One of Europe’s earliest known humans had a close Neanderthal ancestor: perhaps as close as a great-great-grandparent.
The finding, announced on 8 May at the Biology of Genomes meeting in Cold Spring Harbor, New York, questions the idea that humans and Neanderthals interbred only in the Middle East, more than 50,000 years ago.
Qiaomei Fu, a palaeogenomicist at Harvard Medical School in Boston, Massachusetts, told the meeting how she and her colleagues had sequenced DNA from a 40,000-year-old jawbone that represents some of the earliest modern-human remains in Europe. They estimate that 5–11% of the bone's genome is Neanderthal, including large chunks of several chromosomes. (The genetic analysis also shows that the individual was a man). By analysing how lengths of DNA inherited from any one ancestor shorten with each generation, the team estimated that the man had a Neanderthal ancestor in the previous 4–6 generations. (The researchers declined to comment on the work because it has not yet been published in a journal).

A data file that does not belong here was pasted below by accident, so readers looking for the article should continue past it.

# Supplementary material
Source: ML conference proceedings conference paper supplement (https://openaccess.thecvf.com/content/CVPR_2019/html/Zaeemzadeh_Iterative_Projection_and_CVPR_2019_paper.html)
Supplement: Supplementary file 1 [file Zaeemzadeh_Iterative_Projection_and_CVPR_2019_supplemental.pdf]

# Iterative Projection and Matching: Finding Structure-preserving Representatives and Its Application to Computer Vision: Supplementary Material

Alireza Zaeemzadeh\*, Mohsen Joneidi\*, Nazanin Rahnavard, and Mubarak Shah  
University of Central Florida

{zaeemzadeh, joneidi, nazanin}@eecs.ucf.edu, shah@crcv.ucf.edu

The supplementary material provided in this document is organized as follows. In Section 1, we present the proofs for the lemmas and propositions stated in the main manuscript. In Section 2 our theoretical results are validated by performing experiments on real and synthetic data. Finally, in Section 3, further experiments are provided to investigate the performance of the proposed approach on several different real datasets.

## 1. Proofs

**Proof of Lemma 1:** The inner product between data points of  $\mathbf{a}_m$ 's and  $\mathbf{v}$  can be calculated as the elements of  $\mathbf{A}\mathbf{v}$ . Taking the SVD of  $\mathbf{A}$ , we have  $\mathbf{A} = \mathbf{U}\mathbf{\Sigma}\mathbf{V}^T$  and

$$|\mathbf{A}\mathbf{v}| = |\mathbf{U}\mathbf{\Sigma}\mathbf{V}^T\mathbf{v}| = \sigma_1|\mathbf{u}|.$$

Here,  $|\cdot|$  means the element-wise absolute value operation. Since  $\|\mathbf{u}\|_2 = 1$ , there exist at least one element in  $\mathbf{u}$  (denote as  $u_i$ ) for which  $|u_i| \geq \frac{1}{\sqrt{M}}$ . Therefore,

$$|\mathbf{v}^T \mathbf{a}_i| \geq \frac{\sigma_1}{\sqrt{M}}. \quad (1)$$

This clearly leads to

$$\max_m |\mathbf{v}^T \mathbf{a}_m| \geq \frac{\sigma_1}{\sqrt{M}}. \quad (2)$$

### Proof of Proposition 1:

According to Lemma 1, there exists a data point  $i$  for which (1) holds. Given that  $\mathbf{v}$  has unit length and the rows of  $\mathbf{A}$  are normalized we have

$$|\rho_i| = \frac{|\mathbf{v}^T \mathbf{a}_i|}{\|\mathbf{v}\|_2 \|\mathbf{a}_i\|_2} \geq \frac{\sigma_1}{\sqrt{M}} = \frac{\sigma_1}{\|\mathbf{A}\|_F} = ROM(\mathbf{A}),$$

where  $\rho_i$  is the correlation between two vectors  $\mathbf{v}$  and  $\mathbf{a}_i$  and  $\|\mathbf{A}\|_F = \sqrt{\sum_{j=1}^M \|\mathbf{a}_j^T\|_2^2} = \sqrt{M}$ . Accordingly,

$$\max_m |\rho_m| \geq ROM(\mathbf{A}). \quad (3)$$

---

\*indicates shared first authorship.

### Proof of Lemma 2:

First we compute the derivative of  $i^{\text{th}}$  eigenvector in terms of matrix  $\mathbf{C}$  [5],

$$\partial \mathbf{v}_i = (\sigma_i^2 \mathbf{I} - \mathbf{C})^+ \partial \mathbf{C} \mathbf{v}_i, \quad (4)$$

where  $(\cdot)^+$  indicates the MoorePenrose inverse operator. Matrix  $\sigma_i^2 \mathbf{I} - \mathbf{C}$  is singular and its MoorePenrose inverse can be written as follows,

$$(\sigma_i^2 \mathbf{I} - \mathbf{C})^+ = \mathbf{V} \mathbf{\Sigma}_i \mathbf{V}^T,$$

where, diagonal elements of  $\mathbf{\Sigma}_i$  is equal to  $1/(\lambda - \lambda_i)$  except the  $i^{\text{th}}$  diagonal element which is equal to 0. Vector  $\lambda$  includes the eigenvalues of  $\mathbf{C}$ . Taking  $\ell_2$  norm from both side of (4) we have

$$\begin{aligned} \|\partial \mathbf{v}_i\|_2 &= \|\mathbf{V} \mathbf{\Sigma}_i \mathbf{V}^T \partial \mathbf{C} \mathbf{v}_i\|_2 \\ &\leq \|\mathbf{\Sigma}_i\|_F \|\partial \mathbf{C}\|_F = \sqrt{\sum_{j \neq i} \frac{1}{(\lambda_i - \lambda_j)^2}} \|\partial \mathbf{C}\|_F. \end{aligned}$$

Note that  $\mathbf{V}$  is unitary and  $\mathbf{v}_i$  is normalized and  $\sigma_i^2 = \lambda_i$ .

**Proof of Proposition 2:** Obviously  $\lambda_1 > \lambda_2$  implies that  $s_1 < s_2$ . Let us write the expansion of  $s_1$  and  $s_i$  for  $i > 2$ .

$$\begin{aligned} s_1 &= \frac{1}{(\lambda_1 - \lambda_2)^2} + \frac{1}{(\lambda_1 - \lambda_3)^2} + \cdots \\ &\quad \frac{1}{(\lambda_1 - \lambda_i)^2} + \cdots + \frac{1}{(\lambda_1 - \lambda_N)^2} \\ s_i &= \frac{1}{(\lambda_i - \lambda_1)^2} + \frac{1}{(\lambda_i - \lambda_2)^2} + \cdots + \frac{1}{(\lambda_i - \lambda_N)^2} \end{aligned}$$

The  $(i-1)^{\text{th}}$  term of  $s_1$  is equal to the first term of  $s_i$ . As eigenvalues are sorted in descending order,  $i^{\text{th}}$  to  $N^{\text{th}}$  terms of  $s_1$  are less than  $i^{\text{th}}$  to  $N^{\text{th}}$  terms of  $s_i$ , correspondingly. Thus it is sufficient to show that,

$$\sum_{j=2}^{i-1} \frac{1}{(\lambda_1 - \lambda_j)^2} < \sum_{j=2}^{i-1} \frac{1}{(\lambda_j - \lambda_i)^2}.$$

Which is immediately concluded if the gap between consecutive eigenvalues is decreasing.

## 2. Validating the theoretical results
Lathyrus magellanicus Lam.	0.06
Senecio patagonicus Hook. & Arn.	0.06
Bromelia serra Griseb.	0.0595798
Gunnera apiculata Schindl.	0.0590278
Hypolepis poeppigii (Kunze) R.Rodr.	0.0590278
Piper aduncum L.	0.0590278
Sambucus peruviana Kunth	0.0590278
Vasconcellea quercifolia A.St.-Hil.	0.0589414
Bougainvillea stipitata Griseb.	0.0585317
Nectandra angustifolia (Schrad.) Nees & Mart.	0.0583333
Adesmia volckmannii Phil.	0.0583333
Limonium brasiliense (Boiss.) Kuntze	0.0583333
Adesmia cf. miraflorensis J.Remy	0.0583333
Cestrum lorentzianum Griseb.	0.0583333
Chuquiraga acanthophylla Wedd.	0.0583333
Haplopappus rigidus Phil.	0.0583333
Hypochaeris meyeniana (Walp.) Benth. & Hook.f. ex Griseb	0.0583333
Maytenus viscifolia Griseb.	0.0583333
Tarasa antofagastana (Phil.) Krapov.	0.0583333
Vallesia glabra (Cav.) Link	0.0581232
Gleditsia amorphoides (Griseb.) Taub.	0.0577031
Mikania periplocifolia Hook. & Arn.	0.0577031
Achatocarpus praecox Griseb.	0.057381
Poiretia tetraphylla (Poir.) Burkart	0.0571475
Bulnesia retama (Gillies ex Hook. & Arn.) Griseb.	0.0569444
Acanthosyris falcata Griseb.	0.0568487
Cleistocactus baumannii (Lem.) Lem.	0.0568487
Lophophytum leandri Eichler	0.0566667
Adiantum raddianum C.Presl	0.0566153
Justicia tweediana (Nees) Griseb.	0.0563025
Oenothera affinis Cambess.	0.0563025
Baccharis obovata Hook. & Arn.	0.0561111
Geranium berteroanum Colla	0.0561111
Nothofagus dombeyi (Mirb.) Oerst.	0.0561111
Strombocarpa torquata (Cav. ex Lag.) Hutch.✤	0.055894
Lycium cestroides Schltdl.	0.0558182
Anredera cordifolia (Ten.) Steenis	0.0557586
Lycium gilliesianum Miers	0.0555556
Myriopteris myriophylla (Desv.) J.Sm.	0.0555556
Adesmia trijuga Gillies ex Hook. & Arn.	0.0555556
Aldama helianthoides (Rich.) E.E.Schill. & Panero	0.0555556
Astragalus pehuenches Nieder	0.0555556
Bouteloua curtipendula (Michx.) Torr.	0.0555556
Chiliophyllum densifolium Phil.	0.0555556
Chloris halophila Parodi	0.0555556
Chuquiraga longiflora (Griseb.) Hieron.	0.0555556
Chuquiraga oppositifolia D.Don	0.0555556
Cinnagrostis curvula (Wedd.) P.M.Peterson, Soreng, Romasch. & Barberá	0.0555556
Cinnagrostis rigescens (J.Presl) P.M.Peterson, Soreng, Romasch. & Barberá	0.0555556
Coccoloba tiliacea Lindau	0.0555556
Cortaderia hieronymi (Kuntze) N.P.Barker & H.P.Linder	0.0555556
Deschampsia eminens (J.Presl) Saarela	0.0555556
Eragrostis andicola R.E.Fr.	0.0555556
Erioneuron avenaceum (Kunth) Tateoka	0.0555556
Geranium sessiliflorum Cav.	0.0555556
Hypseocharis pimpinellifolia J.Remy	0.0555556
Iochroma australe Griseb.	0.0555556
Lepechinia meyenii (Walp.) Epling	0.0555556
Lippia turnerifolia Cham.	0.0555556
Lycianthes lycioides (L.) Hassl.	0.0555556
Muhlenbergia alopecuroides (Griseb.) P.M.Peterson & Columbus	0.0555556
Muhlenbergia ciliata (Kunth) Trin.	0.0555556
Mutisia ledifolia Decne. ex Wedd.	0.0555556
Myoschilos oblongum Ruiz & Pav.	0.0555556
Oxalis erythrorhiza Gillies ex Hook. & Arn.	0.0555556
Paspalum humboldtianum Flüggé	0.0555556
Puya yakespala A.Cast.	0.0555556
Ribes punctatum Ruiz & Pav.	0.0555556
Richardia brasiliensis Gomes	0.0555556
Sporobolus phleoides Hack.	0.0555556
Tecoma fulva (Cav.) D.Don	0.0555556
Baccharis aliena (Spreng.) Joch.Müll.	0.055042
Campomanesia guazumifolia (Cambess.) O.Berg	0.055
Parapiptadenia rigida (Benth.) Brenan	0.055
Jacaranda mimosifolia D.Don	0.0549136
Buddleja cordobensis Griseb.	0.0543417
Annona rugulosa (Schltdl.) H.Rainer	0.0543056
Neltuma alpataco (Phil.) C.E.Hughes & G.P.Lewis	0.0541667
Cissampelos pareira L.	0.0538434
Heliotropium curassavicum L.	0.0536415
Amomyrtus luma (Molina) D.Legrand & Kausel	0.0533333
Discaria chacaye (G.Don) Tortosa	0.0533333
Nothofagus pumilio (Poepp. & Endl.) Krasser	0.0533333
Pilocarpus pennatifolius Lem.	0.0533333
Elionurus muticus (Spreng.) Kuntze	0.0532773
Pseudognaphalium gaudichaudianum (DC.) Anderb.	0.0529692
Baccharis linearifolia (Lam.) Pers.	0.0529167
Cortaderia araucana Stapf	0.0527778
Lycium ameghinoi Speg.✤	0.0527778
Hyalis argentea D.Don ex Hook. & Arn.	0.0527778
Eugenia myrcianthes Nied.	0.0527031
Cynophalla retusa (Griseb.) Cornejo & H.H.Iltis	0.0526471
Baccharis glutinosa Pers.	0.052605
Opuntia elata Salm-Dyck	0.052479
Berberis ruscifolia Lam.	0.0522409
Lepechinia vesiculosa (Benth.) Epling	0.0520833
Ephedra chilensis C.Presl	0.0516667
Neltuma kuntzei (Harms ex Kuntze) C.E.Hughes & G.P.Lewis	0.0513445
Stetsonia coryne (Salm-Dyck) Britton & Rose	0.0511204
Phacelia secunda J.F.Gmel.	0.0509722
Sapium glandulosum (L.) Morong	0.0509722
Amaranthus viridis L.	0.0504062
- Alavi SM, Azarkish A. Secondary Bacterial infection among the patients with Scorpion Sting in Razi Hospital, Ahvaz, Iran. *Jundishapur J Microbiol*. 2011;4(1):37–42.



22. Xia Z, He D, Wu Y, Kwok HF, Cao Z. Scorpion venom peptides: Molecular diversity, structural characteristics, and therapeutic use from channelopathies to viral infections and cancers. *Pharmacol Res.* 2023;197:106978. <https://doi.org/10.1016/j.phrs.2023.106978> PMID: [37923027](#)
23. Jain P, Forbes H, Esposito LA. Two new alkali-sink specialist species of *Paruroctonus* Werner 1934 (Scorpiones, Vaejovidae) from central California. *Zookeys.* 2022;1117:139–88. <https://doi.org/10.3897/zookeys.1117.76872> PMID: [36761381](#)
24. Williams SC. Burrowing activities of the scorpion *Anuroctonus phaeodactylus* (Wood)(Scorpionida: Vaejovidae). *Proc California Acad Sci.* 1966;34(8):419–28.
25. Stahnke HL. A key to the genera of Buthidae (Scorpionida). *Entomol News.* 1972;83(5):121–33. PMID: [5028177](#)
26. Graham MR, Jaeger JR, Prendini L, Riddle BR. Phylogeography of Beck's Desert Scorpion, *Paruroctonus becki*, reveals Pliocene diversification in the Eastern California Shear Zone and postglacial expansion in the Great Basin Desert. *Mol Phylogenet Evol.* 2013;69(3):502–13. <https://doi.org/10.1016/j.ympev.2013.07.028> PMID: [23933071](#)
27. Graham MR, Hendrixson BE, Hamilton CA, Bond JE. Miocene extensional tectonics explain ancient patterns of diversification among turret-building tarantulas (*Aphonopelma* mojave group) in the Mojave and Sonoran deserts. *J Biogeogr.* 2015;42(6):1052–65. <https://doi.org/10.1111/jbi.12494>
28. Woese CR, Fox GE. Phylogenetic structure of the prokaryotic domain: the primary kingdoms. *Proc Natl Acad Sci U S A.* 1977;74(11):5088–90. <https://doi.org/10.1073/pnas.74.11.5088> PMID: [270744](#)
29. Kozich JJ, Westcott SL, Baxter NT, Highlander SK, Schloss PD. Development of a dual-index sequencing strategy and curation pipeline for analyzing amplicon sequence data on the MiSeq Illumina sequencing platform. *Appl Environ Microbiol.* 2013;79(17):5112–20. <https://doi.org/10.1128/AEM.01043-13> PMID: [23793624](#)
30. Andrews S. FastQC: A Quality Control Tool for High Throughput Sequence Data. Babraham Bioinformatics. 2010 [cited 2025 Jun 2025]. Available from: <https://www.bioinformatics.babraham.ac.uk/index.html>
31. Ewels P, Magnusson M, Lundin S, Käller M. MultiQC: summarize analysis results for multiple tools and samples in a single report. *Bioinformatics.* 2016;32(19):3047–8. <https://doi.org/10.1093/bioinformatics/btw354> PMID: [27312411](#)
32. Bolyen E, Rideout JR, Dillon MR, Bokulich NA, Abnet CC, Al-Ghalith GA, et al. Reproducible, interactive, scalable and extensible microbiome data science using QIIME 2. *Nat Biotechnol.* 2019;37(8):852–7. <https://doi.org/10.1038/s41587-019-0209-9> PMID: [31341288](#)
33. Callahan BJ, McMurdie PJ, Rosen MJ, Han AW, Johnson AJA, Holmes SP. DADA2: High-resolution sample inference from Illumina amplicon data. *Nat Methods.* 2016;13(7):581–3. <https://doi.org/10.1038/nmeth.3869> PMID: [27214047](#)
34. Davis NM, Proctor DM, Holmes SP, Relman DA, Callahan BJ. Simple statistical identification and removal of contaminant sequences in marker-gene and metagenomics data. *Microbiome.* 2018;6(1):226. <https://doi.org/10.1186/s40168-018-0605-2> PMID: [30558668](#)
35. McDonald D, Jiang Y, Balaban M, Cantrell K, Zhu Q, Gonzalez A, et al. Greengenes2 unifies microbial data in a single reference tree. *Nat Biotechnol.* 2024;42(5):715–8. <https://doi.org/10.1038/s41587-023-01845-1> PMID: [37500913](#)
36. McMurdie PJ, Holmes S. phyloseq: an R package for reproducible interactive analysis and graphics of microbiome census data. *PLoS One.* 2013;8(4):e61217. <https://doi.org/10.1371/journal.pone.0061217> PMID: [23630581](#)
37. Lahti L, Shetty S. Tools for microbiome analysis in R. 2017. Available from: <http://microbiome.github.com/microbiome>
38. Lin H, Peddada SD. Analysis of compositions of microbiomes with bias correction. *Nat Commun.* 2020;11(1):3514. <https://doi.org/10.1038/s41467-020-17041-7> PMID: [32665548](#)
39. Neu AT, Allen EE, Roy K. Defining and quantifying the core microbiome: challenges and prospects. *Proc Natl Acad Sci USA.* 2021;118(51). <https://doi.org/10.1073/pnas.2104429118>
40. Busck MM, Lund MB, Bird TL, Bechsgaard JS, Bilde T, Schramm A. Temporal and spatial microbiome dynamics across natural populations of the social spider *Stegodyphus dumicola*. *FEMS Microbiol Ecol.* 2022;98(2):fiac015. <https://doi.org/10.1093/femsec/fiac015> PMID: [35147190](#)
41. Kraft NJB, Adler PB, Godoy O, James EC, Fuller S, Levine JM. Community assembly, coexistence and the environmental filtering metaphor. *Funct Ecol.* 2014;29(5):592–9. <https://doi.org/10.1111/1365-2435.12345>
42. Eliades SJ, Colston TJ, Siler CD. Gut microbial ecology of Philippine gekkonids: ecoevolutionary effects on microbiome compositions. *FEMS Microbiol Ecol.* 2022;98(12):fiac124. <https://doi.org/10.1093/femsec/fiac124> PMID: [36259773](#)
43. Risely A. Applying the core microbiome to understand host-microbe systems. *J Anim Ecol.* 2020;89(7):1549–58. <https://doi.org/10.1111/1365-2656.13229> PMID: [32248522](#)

May 13, 2015
Neandertal in the (immediate) family tree
Early European may have had Neanderthal great-great-grandparent